Ouch, babe. It is rarely good when you've got other countries talking about you behind your back and telling each other 'Look at them, do you want to end up like that?'

Monday, November 7, 2011

Please Go On

How angry can one get at one's own words? Quite angry indeed. Often, we get angry only over time, once we've had time to reflect on things we've said in the past. But we can get emotional with ourselves much more quickly than that.

We just need to have someone conversing our words back to us. Even if that someone is a computer.

In 1966, Joseph Weizenbaum of MIT created a chatterbot, one of the world's first, called ELIZA. A chatterbot programmed earlier, DOCTOR, used a tiny knowledge base and Rogerian therapy to arrive at diagnoses. (Rogerian therapy, named for a founding father of psychotherapy, Carl Rogers, uses passive techniques, neither agreeing or disagreeing with any statement, and aims to let the patient arrive at their own solution.) Weizenbaum, mocking how little actual knowledge DOCTOR had, decided to create a parody in a field that required even less actual knowledge. Thus, he created ELIZA, which did little more than make DOCTOR from a doctor into a therapist. A therapist can be utterly oblivious to a patient's state and still remain able to maintain conversation.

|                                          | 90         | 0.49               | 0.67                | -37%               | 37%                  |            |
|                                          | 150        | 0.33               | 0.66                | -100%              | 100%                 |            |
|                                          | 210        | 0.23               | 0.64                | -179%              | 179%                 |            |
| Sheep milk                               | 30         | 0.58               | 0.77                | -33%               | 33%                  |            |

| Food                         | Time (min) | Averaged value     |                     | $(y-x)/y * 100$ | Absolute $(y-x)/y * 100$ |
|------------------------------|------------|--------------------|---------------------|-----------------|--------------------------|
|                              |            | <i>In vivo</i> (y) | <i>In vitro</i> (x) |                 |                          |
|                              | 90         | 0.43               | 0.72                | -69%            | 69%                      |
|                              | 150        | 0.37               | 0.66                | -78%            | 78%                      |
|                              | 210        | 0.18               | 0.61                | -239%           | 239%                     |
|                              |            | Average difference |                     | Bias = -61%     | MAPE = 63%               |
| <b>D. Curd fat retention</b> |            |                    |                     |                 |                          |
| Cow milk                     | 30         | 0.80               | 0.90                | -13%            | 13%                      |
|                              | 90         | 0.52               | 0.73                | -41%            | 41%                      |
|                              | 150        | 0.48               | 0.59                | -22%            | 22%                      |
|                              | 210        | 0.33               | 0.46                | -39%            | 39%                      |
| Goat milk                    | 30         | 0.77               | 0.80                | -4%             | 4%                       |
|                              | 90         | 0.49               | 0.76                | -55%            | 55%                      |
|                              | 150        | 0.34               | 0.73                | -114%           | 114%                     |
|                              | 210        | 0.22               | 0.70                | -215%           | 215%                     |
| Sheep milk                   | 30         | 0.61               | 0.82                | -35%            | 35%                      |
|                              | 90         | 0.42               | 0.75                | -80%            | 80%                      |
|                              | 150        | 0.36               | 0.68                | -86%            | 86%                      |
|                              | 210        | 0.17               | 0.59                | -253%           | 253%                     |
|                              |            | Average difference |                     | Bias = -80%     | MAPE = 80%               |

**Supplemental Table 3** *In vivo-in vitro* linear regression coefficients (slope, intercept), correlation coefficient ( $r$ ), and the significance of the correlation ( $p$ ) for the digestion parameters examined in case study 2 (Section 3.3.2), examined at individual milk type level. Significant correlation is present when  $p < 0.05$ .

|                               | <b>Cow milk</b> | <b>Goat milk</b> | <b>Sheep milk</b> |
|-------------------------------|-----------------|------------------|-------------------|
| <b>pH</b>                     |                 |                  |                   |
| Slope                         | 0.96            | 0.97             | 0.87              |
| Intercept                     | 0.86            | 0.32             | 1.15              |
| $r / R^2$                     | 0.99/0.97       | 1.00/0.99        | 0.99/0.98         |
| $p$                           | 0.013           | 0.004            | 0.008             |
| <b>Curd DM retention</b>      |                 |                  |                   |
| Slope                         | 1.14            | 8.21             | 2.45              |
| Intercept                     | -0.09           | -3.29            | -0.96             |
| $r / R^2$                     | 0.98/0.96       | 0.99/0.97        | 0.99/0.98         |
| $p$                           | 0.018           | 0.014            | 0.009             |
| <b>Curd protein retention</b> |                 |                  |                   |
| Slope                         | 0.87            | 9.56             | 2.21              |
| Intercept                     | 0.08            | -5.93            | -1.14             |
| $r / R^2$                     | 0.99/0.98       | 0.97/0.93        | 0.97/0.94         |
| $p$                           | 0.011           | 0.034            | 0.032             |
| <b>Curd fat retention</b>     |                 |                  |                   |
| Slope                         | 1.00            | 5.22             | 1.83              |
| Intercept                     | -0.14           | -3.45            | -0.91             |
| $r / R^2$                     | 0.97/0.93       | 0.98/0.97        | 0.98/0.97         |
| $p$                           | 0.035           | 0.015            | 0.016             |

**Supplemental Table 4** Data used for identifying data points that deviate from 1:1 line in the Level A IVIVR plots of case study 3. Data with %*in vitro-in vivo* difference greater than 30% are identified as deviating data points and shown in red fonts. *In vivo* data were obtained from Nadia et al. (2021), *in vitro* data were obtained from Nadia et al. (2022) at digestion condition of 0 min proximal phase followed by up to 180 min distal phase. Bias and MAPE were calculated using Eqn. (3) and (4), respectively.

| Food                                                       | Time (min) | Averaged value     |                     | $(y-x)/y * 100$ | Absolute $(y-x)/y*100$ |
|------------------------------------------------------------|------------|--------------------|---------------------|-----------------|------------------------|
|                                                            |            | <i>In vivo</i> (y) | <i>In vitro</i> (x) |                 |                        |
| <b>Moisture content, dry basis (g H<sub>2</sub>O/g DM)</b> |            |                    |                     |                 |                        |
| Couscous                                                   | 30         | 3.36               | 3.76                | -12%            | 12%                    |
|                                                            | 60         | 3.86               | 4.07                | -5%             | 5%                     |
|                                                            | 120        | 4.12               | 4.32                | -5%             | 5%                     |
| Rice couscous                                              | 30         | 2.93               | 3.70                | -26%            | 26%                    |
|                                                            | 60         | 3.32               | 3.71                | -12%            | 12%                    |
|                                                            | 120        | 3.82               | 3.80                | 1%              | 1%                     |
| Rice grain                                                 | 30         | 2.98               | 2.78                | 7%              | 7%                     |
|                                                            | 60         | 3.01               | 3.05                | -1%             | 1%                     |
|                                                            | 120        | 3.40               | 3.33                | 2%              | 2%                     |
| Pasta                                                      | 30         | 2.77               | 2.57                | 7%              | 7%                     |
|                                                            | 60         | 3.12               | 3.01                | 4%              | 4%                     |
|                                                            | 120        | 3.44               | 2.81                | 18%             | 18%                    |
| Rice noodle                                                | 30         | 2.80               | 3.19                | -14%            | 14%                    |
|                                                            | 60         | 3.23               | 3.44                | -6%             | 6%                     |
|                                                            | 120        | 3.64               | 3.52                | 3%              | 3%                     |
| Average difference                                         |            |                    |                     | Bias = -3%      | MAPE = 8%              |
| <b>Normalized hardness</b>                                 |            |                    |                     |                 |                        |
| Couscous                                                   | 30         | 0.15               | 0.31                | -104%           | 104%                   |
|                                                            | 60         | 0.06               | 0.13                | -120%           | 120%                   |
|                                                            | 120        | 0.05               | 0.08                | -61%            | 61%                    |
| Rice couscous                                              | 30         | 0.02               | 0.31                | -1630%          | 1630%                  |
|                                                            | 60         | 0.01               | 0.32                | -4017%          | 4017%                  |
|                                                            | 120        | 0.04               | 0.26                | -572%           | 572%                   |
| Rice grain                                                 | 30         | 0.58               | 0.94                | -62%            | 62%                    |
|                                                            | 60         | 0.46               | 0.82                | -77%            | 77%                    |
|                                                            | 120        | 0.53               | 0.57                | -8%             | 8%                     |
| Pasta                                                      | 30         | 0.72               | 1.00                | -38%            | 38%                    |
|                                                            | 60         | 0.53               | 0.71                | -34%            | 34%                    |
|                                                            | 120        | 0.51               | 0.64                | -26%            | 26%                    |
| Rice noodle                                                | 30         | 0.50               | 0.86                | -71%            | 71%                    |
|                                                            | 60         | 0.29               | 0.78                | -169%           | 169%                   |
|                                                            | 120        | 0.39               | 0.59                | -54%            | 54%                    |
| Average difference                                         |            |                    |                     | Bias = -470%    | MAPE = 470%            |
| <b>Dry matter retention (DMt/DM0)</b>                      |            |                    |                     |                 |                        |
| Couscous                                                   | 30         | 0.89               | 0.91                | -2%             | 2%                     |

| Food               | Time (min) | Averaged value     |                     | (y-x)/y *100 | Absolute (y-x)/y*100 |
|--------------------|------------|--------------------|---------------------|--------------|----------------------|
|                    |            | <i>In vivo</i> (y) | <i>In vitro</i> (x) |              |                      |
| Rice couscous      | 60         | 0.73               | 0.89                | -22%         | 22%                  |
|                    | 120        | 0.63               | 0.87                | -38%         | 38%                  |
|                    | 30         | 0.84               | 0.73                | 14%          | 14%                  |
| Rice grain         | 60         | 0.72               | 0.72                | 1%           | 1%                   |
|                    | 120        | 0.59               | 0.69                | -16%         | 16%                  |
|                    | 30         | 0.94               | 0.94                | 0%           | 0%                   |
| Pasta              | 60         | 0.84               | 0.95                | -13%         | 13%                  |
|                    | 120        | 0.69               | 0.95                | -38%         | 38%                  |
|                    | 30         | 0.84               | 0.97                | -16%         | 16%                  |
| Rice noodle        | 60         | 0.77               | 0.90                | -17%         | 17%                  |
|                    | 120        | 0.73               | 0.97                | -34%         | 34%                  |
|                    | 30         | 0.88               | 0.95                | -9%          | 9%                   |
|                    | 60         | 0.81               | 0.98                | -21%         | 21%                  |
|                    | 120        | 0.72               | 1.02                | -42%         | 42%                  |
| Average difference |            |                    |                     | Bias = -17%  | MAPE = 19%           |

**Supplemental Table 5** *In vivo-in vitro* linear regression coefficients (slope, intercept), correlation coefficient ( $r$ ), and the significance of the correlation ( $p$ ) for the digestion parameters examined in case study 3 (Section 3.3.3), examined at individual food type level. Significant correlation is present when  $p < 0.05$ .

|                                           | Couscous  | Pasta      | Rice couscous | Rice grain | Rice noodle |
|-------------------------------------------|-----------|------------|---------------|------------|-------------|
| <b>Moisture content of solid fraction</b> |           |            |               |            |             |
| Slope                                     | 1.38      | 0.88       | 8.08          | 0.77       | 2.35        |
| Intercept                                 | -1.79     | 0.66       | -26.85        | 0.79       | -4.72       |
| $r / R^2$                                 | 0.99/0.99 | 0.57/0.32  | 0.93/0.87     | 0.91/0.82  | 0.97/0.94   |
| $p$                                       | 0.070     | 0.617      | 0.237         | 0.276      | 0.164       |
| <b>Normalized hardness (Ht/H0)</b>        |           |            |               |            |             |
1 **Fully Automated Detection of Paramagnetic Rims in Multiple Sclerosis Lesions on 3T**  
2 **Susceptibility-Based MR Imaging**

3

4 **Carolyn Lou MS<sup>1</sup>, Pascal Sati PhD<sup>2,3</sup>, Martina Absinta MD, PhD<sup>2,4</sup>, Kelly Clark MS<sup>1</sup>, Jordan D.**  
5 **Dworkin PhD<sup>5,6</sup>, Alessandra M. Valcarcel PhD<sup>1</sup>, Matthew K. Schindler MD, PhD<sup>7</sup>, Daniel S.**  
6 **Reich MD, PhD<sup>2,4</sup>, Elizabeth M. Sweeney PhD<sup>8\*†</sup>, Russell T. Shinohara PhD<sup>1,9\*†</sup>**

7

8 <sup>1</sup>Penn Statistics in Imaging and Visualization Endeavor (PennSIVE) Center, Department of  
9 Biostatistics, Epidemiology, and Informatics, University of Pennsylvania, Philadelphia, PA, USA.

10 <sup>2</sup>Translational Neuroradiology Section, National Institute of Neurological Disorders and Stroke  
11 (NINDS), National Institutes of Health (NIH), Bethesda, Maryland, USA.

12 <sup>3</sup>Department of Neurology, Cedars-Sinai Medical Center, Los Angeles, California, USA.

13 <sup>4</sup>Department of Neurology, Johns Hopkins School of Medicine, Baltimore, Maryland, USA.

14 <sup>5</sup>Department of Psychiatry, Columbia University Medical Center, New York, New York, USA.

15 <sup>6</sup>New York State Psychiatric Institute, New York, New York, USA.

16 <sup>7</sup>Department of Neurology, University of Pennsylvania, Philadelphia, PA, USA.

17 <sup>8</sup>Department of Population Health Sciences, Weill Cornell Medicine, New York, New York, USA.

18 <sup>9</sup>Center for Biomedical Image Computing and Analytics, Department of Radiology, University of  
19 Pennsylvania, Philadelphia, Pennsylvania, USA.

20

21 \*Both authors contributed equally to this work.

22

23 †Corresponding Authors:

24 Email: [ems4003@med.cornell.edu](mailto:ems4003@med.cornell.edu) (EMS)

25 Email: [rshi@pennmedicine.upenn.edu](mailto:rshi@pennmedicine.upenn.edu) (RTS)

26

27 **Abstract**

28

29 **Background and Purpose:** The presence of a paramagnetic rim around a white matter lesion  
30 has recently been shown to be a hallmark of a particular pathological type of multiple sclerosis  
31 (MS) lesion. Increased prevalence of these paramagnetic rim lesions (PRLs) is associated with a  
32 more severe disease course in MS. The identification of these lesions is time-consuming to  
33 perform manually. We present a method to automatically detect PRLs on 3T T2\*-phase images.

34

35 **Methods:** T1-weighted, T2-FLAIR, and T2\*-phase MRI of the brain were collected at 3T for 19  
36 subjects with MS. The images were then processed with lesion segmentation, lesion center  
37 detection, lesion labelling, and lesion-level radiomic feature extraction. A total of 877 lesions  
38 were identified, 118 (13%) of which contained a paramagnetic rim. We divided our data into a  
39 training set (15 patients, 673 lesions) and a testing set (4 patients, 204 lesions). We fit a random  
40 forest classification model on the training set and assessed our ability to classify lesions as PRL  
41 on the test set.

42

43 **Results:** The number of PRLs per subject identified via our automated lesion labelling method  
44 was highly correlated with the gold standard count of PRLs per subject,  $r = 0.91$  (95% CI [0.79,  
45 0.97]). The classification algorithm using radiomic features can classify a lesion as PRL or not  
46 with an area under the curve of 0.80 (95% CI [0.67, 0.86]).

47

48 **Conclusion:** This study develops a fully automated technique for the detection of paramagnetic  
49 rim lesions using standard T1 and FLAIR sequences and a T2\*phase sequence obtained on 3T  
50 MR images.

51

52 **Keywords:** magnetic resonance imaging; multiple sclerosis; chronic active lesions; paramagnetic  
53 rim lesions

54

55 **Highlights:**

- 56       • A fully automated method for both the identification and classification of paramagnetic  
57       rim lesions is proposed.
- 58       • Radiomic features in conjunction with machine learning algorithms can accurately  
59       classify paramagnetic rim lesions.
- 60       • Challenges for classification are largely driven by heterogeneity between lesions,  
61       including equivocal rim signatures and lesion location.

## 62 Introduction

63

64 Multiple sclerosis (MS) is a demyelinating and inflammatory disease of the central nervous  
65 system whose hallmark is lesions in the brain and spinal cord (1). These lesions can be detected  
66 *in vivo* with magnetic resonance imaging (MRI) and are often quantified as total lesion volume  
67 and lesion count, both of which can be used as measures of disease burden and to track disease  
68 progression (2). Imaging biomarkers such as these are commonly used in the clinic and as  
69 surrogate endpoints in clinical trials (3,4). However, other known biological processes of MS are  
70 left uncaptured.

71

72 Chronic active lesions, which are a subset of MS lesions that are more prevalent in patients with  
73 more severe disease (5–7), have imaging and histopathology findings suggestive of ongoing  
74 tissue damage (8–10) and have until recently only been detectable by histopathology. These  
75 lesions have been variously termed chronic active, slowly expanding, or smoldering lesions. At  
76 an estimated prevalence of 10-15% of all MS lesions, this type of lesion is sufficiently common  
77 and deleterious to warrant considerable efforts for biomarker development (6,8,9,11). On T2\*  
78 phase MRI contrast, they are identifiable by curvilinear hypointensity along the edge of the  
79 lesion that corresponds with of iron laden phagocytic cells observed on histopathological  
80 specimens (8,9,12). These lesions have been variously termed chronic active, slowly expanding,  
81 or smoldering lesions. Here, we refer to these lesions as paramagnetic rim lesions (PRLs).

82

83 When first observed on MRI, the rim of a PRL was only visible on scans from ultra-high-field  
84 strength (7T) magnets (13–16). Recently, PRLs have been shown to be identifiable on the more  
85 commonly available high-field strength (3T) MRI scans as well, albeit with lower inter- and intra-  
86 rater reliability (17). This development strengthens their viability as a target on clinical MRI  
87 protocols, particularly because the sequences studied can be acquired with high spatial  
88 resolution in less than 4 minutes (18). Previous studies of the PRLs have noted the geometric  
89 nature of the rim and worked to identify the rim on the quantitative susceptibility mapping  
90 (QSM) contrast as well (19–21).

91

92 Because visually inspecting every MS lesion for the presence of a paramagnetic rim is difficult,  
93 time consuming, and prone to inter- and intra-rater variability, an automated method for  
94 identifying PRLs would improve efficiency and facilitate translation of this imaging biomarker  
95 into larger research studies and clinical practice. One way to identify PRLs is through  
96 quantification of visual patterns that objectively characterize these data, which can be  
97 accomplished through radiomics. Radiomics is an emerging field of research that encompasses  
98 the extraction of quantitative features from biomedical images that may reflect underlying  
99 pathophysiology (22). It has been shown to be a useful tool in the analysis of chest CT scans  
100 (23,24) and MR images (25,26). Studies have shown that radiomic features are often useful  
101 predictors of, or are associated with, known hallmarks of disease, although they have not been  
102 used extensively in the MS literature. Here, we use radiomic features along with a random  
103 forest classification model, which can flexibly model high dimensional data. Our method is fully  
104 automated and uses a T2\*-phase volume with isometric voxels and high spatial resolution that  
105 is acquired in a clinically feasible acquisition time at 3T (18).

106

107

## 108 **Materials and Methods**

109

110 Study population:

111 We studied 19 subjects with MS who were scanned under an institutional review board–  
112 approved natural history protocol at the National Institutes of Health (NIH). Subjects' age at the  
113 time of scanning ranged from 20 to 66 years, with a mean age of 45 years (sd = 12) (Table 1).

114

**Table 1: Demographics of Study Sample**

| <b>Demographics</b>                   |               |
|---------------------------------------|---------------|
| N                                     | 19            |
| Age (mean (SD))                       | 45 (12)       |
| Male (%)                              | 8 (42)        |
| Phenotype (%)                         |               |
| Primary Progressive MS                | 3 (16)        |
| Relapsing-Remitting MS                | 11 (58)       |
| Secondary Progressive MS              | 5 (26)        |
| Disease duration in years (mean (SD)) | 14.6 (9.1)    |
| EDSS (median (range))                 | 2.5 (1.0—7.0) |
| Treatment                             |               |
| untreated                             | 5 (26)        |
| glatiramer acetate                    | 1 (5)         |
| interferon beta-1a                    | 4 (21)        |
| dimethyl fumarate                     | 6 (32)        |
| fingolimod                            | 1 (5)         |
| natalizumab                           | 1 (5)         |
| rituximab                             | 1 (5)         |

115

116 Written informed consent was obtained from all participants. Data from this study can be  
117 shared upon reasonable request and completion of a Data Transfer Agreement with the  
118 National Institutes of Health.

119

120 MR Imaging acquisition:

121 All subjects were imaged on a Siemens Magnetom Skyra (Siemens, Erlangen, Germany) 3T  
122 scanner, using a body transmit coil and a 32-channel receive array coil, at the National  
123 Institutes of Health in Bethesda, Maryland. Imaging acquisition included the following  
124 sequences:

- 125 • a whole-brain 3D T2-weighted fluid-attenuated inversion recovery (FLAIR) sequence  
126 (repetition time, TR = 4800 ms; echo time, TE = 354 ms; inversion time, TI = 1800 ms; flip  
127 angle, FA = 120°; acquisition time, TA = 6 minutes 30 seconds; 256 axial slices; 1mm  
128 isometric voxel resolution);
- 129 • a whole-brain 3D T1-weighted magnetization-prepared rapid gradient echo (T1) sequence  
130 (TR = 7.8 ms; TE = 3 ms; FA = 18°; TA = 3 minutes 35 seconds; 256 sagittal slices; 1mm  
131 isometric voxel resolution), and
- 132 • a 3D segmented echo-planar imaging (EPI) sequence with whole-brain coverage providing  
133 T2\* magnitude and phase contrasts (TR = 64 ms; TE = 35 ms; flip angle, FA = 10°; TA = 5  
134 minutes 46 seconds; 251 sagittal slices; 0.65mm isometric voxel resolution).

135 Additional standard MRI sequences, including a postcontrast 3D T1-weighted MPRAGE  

If you'd like the full blow-by-blow of the program's innards, Weizenbaum goes into that here.

What happened? Well, I just explained to you what ELIZA is about- using various little tricks like keyword searching and canned responses to communicate your own words back to you. Give ELIZA a spin and see for yourself. Take as long as you like.


My, but you're worked up. That's the funny thing here. I told you how it worked. I told you it was just a computer, a very dumb chatterbot, and yet you're still emotional. So were the subjects when Weizenbaum decided to test ELIZA out. Some got so attached that they didn't want to show Weizenbaum the chat logs because they thought it an invasion of privacy.

Weizenbaum actually became frightened of what ELIZA could invoke, so much so that in 1972, he put out a book called Computer Power and Human Reason, the purpose of which was to attack the concept of artificial intelligence, and ELIZA specifically. Much of the book is spent educating the reader as to what's going on in the computer (though as it was published in 1972, it's nowadays very primitive). The result is a book about the morality of computing that remains very well-received today.